rand() issue

This is a discussion on rand() issue within the C Programming forums, part of the General Programming Boards category; Hi, I'm trying to generate a random number betwen any numbers (eg from 1 to 100) in C and I've ...

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    rand() issue

    Hi, I'm trying to generate a random number betwen any numbers (eg from 1 to 100) in C and I've tried this code:
    Code:
    #include<stdio.h>
    #include<math.h>
    #include<time.h>
    #include <stdlib.h>
    int NumAleatori(int max)
    {
    int num;
    num=((int)ceil(((double)rand()/RAND_MAX)*(max+1)))%(max+1);
    return num;
    }
    void main ()
    {
    int N,a;
    srand( (unsigned)time( NULL ) );
    printf(“Enter an integer:\”);
    scanf(“%d”,&N);
    a = NumAleatori(N);
    printf(“%d”,a);
    
    }
    It does not give me random numbers. It gives me always the same number for small ranges and it follows a pattern for a graters ranges.
    Do you know how can I easily solve this?
    thanks in advance!

  2. #2
    Jack of many languages Dino's Avatar
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    Read the FAQ for all the info you would ever want on this topic.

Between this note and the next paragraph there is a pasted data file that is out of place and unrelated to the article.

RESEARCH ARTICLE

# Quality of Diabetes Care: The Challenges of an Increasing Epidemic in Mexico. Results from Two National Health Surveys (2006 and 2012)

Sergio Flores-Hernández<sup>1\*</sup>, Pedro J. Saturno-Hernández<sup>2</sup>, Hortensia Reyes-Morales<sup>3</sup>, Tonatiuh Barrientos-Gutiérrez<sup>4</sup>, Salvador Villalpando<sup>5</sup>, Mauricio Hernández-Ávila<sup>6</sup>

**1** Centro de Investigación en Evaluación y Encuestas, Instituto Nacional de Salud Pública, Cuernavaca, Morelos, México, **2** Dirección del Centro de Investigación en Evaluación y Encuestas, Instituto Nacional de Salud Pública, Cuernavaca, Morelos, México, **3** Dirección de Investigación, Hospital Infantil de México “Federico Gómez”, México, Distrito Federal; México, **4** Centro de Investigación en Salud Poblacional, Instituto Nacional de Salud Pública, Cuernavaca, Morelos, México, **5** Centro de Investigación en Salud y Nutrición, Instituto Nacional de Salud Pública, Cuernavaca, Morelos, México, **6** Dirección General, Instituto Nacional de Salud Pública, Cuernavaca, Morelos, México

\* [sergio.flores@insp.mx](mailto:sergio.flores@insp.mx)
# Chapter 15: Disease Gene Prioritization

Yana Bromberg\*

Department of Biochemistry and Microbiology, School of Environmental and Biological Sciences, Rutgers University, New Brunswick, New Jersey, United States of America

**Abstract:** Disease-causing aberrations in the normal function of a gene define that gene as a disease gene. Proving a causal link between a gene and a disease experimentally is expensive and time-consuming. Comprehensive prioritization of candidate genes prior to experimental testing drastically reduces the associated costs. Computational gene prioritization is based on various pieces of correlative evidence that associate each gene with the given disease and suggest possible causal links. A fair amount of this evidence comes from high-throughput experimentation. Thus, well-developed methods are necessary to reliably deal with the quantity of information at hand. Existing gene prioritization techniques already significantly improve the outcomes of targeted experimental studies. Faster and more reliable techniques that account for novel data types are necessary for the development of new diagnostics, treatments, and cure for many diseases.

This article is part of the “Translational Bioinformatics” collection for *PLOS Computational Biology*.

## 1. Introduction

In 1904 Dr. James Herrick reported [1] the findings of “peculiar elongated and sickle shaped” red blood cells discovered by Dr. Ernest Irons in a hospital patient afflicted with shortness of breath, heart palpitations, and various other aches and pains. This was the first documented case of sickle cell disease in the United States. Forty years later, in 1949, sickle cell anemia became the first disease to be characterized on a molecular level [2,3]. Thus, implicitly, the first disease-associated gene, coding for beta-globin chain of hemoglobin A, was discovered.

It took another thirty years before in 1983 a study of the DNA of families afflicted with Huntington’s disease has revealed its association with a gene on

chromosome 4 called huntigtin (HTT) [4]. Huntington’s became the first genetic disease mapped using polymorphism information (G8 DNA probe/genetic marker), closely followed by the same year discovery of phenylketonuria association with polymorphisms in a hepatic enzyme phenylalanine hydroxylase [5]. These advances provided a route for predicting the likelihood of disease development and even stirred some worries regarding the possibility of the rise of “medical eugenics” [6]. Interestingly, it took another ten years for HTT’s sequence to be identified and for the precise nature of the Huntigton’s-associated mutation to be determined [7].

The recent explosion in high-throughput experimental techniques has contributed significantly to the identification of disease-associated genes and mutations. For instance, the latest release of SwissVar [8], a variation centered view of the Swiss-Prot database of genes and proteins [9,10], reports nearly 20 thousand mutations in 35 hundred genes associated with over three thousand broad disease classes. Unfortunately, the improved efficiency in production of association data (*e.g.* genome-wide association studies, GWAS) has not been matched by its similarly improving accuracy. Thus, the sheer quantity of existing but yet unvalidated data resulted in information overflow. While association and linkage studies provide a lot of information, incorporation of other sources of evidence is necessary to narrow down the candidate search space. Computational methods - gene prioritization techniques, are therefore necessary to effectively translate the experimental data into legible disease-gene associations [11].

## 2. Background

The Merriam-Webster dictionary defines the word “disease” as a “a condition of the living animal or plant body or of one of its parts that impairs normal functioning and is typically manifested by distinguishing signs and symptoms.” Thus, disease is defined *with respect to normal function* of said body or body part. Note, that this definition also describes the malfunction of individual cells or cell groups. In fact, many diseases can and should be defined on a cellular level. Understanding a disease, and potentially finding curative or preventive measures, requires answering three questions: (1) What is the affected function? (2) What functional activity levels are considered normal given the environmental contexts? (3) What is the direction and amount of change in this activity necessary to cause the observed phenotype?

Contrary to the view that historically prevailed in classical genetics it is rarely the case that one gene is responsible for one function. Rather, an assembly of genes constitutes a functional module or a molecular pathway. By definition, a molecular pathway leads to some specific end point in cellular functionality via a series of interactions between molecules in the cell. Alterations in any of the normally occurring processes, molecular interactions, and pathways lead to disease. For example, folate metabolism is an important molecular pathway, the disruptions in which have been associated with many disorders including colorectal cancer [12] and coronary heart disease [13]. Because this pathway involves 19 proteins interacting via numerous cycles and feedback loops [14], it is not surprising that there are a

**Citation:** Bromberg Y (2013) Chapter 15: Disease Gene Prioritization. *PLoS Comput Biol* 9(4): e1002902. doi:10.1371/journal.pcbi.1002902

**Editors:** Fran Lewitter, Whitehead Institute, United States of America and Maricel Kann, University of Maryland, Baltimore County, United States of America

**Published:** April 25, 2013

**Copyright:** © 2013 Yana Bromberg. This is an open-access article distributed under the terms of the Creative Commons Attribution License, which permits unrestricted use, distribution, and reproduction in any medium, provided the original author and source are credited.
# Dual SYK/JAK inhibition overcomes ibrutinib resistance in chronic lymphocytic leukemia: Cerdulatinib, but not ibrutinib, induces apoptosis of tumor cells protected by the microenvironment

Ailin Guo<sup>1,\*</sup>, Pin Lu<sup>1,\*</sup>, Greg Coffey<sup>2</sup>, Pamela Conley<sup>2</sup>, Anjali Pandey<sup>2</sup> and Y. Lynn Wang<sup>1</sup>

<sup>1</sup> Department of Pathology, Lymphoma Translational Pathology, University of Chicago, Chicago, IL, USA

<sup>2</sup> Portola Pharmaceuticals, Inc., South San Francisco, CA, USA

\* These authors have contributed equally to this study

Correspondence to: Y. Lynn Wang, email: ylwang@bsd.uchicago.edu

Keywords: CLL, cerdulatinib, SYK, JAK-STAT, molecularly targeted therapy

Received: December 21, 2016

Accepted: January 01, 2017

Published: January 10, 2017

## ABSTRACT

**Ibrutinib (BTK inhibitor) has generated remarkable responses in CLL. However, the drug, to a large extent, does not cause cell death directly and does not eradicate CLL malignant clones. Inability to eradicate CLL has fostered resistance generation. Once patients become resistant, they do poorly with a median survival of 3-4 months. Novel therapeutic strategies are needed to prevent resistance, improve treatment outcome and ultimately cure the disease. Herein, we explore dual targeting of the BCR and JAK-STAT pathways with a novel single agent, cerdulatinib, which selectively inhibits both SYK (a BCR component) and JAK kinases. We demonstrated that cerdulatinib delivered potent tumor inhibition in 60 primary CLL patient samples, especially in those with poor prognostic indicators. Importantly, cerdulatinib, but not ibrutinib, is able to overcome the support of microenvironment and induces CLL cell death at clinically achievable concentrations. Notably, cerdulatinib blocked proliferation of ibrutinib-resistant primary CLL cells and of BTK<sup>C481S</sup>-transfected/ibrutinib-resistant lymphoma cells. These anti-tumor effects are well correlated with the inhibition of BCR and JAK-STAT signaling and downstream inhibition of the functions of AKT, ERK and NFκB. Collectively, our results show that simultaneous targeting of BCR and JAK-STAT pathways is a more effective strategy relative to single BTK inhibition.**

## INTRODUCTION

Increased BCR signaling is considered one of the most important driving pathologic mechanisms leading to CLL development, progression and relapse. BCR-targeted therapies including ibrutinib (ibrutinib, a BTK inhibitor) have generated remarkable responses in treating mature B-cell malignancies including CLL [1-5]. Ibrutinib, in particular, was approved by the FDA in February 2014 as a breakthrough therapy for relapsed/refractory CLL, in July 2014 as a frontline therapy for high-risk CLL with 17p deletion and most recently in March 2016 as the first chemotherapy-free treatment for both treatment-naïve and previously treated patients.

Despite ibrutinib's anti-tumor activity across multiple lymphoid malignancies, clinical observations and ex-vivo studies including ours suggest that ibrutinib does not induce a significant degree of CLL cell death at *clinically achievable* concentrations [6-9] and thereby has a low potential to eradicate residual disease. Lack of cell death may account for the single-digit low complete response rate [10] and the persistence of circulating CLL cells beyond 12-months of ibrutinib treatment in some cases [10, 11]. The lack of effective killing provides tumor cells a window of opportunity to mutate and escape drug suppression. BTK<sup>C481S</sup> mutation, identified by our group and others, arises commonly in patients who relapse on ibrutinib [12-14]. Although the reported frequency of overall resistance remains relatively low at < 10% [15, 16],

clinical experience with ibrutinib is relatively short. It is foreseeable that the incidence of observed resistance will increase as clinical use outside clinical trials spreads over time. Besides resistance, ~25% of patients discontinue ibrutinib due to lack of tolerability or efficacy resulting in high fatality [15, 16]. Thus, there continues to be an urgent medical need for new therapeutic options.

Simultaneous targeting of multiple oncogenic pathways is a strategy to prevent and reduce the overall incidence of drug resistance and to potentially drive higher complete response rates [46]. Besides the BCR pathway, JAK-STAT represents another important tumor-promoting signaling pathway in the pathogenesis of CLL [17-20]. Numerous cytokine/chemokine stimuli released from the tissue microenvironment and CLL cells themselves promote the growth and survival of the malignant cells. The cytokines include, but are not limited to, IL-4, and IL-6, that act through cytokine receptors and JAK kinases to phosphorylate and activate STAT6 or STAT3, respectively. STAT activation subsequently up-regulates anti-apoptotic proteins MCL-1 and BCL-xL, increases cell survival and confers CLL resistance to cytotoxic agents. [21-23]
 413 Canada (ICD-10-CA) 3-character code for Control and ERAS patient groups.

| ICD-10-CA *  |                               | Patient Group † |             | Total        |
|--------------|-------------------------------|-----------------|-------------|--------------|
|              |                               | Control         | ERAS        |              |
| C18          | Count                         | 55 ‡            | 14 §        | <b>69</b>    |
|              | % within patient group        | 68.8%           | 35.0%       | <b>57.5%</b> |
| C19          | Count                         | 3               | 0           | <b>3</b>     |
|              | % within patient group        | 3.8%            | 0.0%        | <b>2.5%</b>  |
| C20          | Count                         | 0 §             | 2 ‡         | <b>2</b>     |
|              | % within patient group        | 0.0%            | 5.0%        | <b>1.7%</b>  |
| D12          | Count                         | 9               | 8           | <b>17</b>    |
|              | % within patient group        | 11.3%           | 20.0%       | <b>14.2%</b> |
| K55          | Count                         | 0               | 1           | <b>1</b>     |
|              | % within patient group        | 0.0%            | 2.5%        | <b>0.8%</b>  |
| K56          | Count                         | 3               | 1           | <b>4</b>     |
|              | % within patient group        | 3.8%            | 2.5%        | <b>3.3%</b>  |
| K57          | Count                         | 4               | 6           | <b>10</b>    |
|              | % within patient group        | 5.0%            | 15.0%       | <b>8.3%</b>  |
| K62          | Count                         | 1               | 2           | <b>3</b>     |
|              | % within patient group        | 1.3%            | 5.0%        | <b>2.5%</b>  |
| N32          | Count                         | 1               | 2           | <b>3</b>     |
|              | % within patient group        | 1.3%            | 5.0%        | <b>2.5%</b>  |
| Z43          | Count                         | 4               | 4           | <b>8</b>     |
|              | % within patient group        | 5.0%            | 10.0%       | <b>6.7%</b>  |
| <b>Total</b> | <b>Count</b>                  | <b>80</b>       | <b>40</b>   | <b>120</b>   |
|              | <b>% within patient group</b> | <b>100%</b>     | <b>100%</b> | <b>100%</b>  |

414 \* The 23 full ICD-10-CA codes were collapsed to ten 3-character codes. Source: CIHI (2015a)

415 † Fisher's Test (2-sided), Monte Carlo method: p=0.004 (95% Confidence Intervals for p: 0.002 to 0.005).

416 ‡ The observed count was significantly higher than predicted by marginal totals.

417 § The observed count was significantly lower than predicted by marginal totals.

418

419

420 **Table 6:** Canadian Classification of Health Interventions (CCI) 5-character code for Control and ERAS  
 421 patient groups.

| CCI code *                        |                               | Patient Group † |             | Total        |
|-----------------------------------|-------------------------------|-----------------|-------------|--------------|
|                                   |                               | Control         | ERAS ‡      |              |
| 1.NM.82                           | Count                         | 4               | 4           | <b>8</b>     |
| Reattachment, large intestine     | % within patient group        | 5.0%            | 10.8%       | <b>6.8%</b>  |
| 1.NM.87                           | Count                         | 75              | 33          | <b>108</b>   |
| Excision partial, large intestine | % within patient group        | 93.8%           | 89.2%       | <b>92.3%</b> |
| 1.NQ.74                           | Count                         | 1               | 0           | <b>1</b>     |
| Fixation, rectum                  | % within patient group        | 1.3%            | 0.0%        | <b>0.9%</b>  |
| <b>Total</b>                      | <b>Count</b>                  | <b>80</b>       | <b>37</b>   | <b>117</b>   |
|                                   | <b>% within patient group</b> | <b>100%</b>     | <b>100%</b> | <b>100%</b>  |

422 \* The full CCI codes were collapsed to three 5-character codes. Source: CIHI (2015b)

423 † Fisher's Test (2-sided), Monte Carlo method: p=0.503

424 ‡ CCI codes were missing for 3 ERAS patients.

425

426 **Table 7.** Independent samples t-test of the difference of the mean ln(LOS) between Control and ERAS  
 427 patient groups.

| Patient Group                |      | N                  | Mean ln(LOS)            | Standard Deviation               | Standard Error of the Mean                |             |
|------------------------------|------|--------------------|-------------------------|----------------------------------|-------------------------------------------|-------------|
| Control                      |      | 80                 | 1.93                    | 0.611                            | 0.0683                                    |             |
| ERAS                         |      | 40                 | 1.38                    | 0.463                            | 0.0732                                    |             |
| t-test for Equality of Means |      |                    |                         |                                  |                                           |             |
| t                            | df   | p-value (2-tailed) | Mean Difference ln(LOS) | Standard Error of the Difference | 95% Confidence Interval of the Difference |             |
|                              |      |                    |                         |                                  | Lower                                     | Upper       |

Mac and Windows cross platform programmer. Ruby lover.

    Quote of the Day
    12/20: Mario F.:I never was, am not, and never will be, one to shut up in the face of something I think is fundamentally wrong.

    Amen brother!

  3. #3
    Banned master5001's Avatar
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    While scoping out the FAQ check out the thread about using [code] tags and proper indentation. One without the other is basically the same as neither (particularly when considering that no code-tags will just truncate all your whitespace).

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    Code:
    int NumAleatori(int max)
    {
    int num;
    num=((int)ceil(((double)rand()/RAND_MAX)*(max+1)))%(max+1);
    return num;
    }
    That's very complicated, compared to what you actually need.

    You may also find a lot of useful info here:
    http://eternallyconfuzzled.com/jsw_home.aspx

    --
    Mats
    Compilers can produce warnings - make the compiler programmers happy: Use them!
    Please don't PM me for help - and no, I don't do help over instant messengers.

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    Read the FAQ for all the info you would ever want on this topic.
    This code is in cprogramming FAQs:

    Code:
    /*
     * This code is written in C, but it could just as easily be done in C++.
     * The rand() and srand() functions are available in both languages.
     */
     
    #include <stdio.h>  
    #include <stdlib.h>  
    #include <time.h>  
    
    int main(void)
    {
      int i;
      
      srand(time(NULL));
      
      i = rand();
      
      printf ("Your random number is %d\n", i);  
    
      printf ("This compiler can generate random numbers from 0 to %d\n", RAND_MAX);
    
      return(0);
    }